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Virtual patching trades convenience for increased risk

Performance might not suffer too much when using a virtual patch, but there are reliability, quality and support concerns associated with this technology.

Inline or virtual patching is unique to virtualization technology, as it simply wouldn't be possible from a cost...

or performance perspective to implement with physical hardware, But just because you can use virtual patching doesn't necessarily mean you should.

A traditional patch corrects a flaw in the software -- by altering the software's code -- however, a virtual patch is a dedicated piece of software that's similar to a firewall, with rules or features designed to correct a software issue or exploit without altering the software's code. This inline patching is applied to the host and does not add new features, but it is possible to remove features.

Performance implications

Let's first take a look at virtual patching from a performance perspective. Trying to put what could be called a proxy server in front of another server in a physical environment has network traffic and hardware performance implications, but you can avoid that contention in a virtual environment. You can assign the virtual patch to the VMs you're protecting, ensuring limited network congestion or even no network congestion if you use a host-based patch. This helps maintain a high rate of performance for guests but does require additional configuration management, as some virtual infrastructure resources have to be used for virtual patching features or appliances. It's also worth noting that, at some point, too many inline patches could create an unstable environment.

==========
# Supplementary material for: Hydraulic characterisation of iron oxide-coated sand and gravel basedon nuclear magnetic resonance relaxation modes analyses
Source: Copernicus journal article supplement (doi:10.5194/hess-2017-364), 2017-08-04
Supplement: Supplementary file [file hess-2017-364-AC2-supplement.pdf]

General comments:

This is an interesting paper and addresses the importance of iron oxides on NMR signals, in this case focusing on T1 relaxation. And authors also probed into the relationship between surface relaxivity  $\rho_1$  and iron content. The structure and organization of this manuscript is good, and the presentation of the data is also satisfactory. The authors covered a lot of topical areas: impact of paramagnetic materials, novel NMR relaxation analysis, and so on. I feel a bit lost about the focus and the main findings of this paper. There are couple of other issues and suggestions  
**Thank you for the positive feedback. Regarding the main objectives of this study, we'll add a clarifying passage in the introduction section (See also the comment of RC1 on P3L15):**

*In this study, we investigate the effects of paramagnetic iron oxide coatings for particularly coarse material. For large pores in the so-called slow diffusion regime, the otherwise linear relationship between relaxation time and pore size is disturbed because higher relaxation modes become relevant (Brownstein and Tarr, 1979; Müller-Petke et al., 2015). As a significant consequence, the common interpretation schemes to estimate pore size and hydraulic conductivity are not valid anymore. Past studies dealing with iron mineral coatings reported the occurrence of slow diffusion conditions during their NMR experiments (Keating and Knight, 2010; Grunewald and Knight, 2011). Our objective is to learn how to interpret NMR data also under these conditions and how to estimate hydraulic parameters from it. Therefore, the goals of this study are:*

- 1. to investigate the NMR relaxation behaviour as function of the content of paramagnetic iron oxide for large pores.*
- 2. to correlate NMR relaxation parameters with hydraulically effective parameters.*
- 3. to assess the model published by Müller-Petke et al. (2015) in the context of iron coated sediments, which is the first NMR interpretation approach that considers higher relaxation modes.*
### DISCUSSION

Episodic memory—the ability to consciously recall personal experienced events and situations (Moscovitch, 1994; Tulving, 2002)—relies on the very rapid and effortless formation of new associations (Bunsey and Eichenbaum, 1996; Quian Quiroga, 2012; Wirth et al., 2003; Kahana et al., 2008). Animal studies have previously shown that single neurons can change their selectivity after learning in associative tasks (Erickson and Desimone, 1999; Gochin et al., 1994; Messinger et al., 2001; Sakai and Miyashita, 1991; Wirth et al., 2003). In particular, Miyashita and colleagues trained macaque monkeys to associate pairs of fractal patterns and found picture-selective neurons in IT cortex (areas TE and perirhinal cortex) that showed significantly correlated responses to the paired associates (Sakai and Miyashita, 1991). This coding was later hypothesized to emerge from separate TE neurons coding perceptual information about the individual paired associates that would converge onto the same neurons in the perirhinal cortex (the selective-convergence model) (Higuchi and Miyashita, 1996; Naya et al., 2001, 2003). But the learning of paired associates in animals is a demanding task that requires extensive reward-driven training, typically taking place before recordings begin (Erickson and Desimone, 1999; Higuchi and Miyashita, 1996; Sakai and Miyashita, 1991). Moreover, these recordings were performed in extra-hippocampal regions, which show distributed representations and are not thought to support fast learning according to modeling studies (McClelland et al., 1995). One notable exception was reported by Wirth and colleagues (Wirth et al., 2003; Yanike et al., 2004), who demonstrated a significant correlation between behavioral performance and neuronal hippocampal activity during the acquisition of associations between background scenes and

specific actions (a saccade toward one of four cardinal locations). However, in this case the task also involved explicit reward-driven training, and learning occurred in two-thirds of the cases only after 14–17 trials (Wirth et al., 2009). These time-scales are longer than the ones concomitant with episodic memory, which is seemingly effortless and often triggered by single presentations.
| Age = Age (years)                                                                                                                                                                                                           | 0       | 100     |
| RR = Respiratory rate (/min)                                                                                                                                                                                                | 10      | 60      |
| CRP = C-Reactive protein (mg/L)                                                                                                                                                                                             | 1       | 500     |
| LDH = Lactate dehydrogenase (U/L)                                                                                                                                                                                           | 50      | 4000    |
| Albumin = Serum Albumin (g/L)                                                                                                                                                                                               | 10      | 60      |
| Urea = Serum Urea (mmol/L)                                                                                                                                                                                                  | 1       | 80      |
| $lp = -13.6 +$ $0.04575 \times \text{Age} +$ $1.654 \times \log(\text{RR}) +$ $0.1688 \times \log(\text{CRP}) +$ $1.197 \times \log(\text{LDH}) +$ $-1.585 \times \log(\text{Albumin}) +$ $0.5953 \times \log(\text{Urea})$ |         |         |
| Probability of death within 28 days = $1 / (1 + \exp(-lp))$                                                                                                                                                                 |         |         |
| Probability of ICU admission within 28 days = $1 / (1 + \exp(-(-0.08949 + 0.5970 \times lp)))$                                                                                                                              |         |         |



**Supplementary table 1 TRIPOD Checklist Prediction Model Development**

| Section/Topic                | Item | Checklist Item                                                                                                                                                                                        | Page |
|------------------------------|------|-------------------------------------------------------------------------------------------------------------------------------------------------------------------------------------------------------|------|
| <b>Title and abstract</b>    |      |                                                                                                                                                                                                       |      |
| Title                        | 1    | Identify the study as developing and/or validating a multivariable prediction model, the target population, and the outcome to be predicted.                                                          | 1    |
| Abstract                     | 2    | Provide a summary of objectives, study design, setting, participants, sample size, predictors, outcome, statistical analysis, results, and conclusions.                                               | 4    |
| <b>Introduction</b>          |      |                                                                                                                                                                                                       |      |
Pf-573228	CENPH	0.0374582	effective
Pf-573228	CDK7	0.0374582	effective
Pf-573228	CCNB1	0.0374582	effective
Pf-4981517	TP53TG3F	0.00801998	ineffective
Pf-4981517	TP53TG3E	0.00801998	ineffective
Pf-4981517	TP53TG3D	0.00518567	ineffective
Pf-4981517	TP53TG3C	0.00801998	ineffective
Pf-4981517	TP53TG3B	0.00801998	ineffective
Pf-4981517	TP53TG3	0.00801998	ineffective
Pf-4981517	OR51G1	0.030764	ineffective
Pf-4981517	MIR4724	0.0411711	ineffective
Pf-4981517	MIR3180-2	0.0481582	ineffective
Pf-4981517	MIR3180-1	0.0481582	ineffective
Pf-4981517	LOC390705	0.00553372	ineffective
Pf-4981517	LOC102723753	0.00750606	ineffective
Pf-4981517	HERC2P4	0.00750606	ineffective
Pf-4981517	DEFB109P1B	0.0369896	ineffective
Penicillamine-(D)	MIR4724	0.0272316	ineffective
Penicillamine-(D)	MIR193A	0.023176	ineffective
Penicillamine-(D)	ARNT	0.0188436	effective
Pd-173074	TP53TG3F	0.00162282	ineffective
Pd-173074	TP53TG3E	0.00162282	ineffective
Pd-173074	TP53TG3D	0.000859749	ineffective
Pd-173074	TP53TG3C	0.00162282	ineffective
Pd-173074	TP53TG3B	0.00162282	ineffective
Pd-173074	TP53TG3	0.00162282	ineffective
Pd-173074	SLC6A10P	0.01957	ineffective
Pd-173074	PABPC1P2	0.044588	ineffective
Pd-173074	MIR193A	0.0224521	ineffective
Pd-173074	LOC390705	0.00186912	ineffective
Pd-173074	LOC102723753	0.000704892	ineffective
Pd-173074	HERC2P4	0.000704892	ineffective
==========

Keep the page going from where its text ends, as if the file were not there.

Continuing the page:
Quality and reliability concerns

In general, virtual patching corrects an exploit or vulnerability in an OS without going through the manufacturer. Let's put aside the support aspect for a moment and talk about quality and reliability. This type of inline patching isn't correcting the issue; it's preventing it from occurring further up in the stack. This means that, if the virtual patch crashes, fails or is breached in any way, you not only risk exposing your VM but also your hosts and ultimately your entire virtual infrastructure. Now, as far as quality is concerned, you're depending on a third party to prevent an issue from occurring, which could mean more overhead, licensing and complexity.

Benefits of virtual patching

One key benefit of virtual patching that simply can't be overlooked is speed. Because you aren't touching the base OS, much of the testing and risk normally associated with patching is removed and put on the hosts or inline appliance instead. The end customer doesn't interact with this part of the virtual infrastructure, so you're typically able to upgrade it without interruptions. As such, implementing a virtual patch is something you're willing to do on a Friday before a holiday weekend, and that's almost magical in IT. While that's a significant reason to use a virtual patch, it's important to take your OS vendor into account before implementing it.

Most likely, once you go down this path, you relinquish any vendor support for your base product. But if your product is already end of life, it doesn't really matter. To be clear, virtual patching and mitigation can allow your data center to avoid very nasty upgrade cycles when critical issues occur by using your virtual infrastructure. This technology can also extend the life of OSes, but it's important to realize that virtual patching shouldn't be looked at as a permanent solution. It's designed to give you additional breathing room to schedule and do upgrades on your time frame, but it has its limits and risks.

Next Steps

Adapt to Microsoft patching changes

Understand patch management software

Navigate hot patching restrictions

This was last published in July 2017

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